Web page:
Fort Benning

Boy with tumor lives tank commander dream

Kyle Nazario

knazario@ledger-enquirer.com

12-year old Calvary tanker Mason Giove

Mason Giove of Massachusetts who has battled a brain tumor since 15 months old, spends a day with cavalry soldiers at Fort Benning
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Mason Giove of Massachusetts who has battled a brain tumor since 15 months old, spends a day with cavalry soldiers at Fort Benning

It took only 6 tank rounds, two tanks and one tank simulator to make Mason Giove's day.

Mason doesn't say much. He's 12 years old, pale, and has trouble lifting his right leg. His father Mark Giove, who helped him walk from the car to the Abrams M1A2 Main Battle Tank and Bradley A3 tank, said Mason can't lift his right arm because of a partial paralysis on his right side.

"Wow," Mason said as he approached the tanks.

Mason has been fighting a brain tumor since he was 15 months old. He's two months into his fourth round of chemotherapy.

Mason traveled from Whitman, Mass. (25 miles south of Boston), to Fort Benning on a chilly Friday on a special visit to see real tanks.

"I don't really know exactly what the love of tanks comes from, but from a very early age he's been very interested in all aspects of the military," Mark said. "When other kids are playing these games, he's there watching a movie about D-day or about Vietnam."

Mark said his son's nickname at the Dana-Farber Cancer Institute, where he's treated, is "Mr. Tank." Mark has called Mason that ever since.

Mark said he and Mr. Tank had no idea what they were in for when they visited Fort Benning.

The visit began in the morning when soldiers under the command of Lt. Col. Jeff Paine, squadron commander of the 1st Squadron in the 16th Cavalry Regiment, got Mason into uniform.

"We told him, 'Hey, you're going to be a soldier for the day, I need you to get into the proper uniform,'" said Sgt. 1st Class Chad Nebergall. "I brought out a uniform for him. He loved that."

Nebergall said they put a general's patch on Mason's uniform.

"He's the only one-star general in the brigade level," said Capt. Bryce Land, Alpha Troop commander of the 1st Squadron.

The soldiers took Mason and his family out to the Hastings Range and let them stand nearby as they fired six rounds from an Abrams tank. They shot three HEAT (high-explosive anti-tank) rounds, three sabot rounds and the machine gun.

"I had no idea this was going to happen," Mark said. "I had no idea I was going to be standing 30 yards away from a tank and having my chest reverberate."

Land said he jumped at the chance to help plan the visit, including seeing the range.

"Sharing something I love, something that I do every day, with somebody who probably loves it even more, I couldn't help it," Land said.

Paine and Land said they wanted to make sure the trip from Massachusetts was more than seeing a static display of a tank.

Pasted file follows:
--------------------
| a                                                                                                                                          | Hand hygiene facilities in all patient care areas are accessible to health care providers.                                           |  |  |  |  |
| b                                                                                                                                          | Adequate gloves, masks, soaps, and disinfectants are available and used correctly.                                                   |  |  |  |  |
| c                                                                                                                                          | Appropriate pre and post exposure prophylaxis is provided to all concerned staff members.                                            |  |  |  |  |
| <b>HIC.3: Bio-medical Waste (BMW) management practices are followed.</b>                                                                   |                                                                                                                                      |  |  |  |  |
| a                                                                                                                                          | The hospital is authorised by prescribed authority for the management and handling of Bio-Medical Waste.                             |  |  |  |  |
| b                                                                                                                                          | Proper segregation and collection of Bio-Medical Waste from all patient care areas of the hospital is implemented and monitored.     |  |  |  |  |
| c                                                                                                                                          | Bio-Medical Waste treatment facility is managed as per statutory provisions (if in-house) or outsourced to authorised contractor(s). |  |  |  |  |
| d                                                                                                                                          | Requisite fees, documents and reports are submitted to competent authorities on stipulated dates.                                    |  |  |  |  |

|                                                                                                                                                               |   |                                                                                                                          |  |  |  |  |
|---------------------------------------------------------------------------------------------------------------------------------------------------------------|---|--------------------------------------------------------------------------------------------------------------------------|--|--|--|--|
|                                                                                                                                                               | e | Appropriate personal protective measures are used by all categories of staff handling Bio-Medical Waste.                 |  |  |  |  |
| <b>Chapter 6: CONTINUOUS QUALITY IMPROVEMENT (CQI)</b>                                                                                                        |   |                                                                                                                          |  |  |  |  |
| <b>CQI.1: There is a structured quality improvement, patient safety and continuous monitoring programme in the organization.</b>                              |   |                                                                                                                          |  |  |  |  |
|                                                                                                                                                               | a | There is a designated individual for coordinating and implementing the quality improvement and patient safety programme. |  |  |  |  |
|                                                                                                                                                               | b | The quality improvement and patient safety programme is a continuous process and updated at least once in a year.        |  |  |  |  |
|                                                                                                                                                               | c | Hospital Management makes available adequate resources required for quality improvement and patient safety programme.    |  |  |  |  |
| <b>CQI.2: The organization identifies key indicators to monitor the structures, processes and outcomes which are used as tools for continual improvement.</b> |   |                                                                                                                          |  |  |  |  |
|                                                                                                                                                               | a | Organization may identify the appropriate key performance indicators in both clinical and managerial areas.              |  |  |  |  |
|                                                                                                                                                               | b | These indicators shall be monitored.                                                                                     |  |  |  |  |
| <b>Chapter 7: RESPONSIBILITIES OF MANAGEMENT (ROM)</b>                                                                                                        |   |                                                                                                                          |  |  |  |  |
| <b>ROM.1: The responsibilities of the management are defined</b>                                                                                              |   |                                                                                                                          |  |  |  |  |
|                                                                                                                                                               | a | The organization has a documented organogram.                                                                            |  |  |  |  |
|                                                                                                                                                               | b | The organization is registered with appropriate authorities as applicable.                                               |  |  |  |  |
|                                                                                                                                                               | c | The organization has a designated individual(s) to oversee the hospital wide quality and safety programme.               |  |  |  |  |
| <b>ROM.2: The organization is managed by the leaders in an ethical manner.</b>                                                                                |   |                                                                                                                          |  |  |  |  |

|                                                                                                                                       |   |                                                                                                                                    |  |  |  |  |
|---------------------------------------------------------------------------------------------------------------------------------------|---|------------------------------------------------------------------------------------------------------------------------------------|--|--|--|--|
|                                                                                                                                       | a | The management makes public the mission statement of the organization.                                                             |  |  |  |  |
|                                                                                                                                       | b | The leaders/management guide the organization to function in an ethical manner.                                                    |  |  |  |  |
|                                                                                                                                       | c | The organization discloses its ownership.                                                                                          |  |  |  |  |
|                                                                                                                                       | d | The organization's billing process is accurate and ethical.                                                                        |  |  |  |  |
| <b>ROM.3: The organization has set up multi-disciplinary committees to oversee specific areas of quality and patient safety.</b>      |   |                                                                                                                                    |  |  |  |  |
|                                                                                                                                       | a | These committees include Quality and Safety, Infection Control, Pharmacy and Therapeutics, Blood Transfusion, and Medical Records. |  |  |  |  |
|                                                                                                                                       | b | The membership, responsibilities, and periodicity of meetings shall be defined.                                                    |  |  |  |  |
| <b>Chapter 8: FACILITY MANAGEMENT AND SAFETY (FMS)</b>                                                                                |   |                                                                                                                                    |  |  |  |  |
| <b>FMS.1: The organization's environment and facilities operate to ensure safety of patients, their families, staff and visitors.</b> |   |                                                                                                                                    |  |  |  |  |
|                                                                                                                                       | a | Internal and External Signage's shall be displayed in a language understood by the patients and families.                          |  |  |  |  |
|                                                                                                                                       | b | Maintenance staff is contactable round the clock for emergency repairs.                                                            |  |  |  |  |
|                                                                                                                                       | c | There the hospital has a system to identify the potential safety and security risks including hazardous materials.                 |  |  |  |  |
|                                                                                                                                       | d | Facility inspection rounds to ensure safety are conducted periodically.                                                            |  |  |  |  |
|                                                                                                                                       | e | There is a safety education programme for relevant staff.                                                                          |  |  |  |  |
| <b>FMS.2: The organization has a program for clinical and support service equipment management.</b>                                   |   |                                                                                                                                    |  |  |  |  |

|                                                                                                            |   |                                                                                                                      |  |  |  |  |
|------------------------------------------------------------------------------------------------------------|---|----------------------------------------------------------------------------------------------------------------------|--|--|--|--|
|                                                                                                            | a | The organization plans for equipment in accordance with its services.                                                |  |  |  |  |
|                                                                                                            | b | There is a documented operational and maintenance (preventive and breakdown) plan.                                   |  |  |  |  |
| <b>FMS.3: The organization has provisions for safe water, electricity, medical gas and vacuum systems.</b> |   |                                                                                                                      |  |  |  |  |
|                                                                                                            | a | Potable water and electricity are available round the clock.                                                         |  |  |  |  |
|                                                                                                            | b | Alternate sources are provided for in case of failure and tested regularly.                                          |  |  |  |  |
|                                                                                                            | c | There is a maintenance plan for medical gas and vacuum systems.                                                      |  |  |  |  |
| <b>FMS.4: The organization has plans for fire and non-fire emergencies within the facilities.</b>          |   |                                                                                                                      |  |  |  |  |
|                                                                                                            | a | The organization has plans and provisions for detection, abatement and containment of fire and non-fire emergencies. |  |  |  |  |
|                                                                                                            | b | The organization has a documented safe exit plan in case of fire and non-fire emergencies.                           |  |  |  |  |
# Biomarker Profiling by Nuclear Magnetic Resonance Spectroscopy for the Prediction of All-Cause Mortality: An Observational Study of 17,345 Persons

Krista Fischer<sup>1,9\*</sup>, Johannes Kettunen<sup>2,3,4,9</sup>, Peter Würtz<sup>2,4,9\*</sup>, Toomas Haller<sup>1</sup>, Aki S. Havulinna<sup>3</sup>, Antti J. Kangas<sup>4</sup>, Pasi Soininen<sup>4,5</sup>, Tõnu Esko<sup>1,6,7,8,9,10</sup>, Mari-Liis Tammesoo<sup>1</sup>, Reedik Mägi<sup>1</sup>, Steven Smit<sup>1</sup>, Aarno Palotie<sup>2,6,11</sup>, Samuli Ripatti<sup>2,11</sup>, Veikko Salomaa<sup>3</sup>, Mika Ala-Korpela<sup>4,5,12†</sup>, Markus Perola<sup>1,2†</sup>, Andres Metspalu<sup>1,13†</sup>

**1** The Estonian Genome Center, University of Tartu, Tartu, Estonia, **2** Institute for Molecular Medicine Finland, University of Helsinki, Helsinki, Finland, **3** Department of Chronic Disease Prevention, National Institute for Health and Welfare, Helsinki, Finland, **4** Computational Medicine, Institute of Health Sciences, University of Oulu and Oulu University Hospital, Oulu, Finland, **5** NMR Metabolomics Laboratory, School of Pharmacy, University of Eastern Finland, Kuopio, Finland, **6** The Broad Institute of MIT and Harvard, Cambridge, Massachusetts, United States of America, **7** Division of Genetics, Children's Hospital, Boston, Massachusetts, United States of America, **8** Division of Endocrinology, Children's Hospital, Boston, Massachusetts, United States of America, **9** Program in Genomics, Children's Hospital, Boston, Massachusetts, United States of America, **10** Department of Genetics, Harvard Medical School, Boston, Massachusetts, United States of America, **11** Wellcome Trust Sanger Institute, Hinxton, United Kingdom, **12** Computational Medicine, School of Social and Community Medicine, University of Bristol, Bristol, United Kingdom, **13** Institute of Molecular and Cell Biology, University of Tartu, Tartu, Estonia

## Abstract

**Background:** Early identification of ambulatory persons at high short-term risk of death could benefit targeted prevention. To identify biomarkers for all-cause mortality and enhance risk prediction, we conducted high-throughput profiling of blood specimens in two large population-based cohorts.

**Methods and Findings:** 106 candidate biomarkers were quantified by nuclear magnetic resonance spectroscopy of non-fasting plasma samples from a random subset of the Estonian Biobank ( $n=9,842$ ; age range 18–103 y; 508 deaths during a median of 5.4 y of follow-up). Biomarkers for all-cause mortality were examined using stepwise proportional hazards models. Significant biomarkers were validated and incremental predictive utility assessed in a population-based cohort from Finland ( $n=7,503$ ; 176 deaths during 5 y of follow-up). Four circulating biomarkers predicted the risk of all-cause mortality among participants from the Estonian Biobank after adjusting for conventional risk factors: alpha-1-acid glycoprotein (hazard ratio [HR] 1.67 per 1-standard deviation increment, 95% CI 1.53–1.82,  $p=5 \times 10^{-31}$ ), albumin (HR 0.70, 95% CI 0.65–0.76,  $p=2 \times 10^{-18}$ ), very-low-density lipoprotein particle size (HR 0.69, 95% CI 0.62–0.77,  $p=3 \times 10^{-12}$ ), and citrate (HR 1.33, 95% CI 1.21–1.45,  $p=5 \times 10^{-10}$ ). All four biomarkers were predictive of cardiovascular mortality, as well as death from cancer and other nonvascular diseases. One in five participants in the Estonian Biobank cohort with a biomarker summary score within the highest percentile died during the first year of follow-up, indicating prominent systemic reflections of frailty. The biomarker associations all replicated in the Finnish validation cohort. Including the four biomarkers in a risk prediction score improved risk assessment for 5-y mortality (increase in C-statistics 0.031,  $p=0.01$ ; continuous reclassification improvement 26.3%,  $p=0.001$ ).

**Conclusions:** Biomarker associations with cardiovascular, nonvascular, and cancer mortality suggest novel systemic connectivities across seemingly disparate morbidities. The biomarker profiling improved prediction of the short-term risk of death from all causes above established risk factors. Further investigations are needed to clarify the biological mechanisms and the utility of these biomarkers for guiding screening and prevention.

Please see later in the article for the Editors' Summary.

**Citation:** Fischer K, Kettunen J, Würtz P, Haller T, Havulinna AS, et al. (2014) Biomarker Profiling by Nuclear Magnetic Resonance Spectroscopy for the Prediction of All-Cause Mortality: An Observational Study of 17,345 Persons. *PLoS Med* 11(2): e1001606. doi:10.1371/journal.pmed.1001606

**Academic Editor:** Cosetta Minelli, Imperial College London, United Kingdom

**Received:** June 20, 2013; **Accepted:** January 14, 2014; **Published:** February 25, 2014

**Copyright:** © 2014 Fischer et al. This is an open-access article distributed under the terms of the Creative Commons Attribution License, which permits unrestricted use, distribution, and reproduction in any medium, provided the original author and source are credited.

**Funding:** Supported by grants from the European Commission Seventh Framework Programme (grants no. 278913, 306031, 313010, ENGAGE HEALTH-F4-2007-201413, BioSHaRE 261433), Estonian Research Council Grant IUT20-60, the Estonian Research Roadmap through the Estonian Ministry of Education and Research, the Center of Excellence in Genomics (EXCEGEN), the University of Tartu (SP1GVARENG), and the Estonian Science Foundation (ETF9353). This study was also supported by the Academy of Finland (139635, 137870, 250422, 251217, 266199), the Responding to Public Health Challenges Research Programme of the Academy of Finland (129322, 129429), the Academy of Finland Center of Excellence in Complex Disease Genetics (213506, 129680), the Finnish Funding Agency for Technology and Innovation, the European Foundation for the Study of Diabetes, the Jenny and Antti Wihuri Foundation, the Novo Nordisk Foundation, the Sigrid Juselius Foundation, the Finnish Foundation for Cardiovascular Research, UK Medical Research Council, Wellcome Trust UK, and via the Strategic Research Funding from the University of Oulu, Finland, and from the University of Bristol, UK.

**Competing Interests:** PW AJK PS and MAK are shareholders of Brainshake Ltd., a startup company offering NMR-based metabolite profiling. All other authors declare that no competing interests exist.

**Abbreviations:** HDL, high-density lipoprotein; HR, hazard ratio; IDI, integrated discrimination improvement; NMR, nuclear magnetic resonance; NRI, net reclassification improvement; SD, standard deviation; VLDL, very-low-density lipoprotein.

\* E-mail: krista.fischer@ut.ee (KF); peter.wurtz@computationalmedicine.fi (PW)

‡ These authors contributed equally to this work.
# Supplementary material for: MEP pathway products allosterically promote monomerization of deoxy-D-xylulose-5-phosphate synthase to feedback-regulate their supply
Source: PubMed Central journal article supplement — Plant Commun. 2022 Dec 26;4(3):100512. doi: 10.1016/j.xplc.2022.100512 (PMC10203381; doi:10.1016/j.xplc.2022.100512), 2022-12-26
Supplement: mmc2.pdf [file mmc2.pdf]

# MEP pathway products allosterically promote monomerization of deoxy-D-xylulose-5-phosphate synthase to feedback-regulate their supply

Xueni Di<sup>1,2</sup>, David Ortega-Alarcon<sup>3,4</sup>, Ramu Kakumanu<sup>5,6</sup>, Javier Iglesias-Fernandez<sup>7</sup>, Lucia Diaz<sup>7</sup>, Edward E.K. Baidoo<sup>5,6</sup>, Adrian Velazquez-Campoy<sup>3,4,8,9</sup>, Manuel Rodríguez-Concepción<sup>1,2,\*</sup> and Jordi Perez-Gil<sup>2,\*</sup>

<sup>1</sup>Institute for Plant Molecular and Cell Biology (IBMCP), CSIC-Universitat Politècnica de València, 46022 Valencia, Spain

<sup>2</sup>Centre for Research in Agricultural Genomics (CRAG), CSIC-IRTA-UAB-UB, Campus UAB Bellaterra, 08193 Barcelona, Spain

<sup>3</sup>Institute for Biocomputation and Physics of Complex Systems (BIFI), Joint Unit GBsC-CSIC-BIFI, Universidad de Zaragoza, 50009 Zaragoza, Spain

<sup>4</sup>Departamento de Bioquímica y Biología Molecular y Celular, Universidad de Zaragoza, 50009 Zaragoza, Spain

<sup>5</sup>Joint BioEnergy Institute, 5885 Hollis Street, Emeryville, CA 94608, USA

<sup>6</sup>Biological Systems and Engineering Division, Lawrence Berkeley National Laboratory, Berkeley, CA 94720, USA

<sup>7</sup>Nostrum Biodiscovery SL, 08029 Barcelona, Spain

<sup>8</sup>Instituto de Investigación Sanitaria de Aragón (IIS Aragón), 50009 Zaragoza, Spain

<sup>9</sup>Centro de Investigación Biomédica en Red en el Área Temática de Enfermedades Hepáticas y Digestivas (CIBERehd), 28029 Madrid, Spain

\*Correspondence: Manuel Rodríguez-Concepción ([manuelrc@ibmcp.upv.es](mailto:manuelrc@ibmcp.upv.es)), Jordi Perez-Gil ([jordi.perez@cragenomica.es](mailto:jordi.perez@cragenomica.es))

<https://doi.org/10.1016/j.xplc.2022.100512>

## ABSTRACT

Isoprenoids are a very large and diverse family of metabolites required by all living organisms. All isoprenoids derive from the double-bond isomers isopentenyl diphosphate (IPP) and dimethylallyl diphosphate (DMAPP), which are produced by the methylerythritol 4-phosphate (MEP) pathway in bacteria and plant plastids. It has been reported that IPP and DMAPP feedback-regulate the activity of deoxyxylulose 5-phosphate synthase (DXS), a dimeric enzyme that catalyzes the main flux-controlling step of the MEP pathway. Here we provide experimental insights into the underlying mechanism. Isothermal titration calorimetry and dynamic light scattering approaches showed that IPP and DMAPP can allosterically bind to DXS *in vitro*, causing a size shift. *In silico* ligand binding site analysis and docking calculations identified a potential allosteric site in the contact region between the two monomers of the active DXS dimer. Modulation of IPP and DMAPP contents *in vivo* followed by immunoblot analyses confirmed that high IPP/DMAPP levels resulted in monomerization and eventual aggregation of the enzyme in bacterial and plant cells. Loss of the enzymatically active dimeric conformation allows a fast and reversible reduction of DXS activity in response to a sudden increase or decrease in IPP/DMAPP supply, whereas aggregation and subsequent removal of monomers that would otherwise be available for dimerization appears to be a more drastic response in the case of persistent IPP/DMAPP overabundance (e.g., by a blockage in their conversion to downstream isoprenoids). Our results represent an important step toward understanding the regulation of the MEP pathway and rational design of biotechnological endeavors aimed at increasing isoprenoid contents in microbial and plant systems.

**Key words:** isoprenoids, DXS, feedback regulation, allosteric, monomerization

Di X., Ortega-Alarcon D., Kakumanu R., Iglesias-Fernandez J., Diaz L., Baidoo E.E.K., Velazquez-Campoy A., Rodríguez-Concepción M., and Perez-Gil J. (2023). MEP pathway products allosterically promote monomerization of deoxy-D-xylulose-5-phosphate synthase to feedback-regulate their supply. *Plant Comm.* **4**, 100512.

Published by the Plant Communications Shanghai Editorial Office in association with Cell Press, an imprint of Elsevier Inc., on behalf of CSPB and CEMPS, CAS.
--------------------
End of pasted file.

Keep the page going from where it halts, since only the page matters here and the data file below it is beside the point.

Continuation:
"You can't come down here and see tanks and not see the boom," Land said.

The Giove family connected with Paine and Land through a network of family friends. Mark Giove is friends with Eric Runci, a Massachusetts native who works in Atlanta for Aflac. Runci knows Andrew Kloster, a veteran who works as a manager at Fort Benning. Kloster is Paine's neighbor.

"In the military, so often we spend so much time behind fences on post at Fort Benning or somewhere else," Paine said. "There's a whole huge country out there with people that we're part of and responsible to and here to defend. When we get an opportunity like this to come reach out to them, it's something we just love to do."

According to Kloster, Mason has a juvenile pilocytic astrocytoma, a rare childhood brain tumor that sits in the middle of his brain next to his thalmus. He struggles with communication, feeding and muscle weakness.

Mason's tumor grows slowly and in strange directions. Mark said the doctors are fighting the tumor the same way it grows: with slow rounds of chemotherapy that last all year.

"(Fighting cancer is) all he's known his entire life," Mark said.

The constant struggle has been hard on his family, according to Mark.

"It's really tough on my wife," he said. "He's a tough little kid. I get a lot of inspiration from him but it's not easy at all. Taking care of him, it's like we have another 3-year-old."

At the same time, Mark said he can see some where Mason's cancer has forced their family to become closer.

"I tell people all the time that I would take his cancer away in a heartbeat if I could, but I wouldn't take what it's given my family and me," Mark said. "It made me who I am."

Mason's friends and family express great admiration for him as well. Kloster called him "smart and inquisitive" and "loving and fun."

That day at Fort Benning, Mason's cancer meant helping him into and out of the tanks. He explored the insides, tried on the helmets with noise-canceling headphones and got a tour of the equipment from the members of the 16th.

When they were done, the soldiers presented him with several gifts, including a Class A jacket from Staff Sgt. Dennis Mathews, a t-shirt with the phrase "Keep Calm and Load Sabot" and the metal core of a HEAT round that had been fired earlier that day on the range.

Mason who reacted mostly through wide smiles, summed up his feelings about the day afterwards in the tank simulator in three words.

"I loved it."

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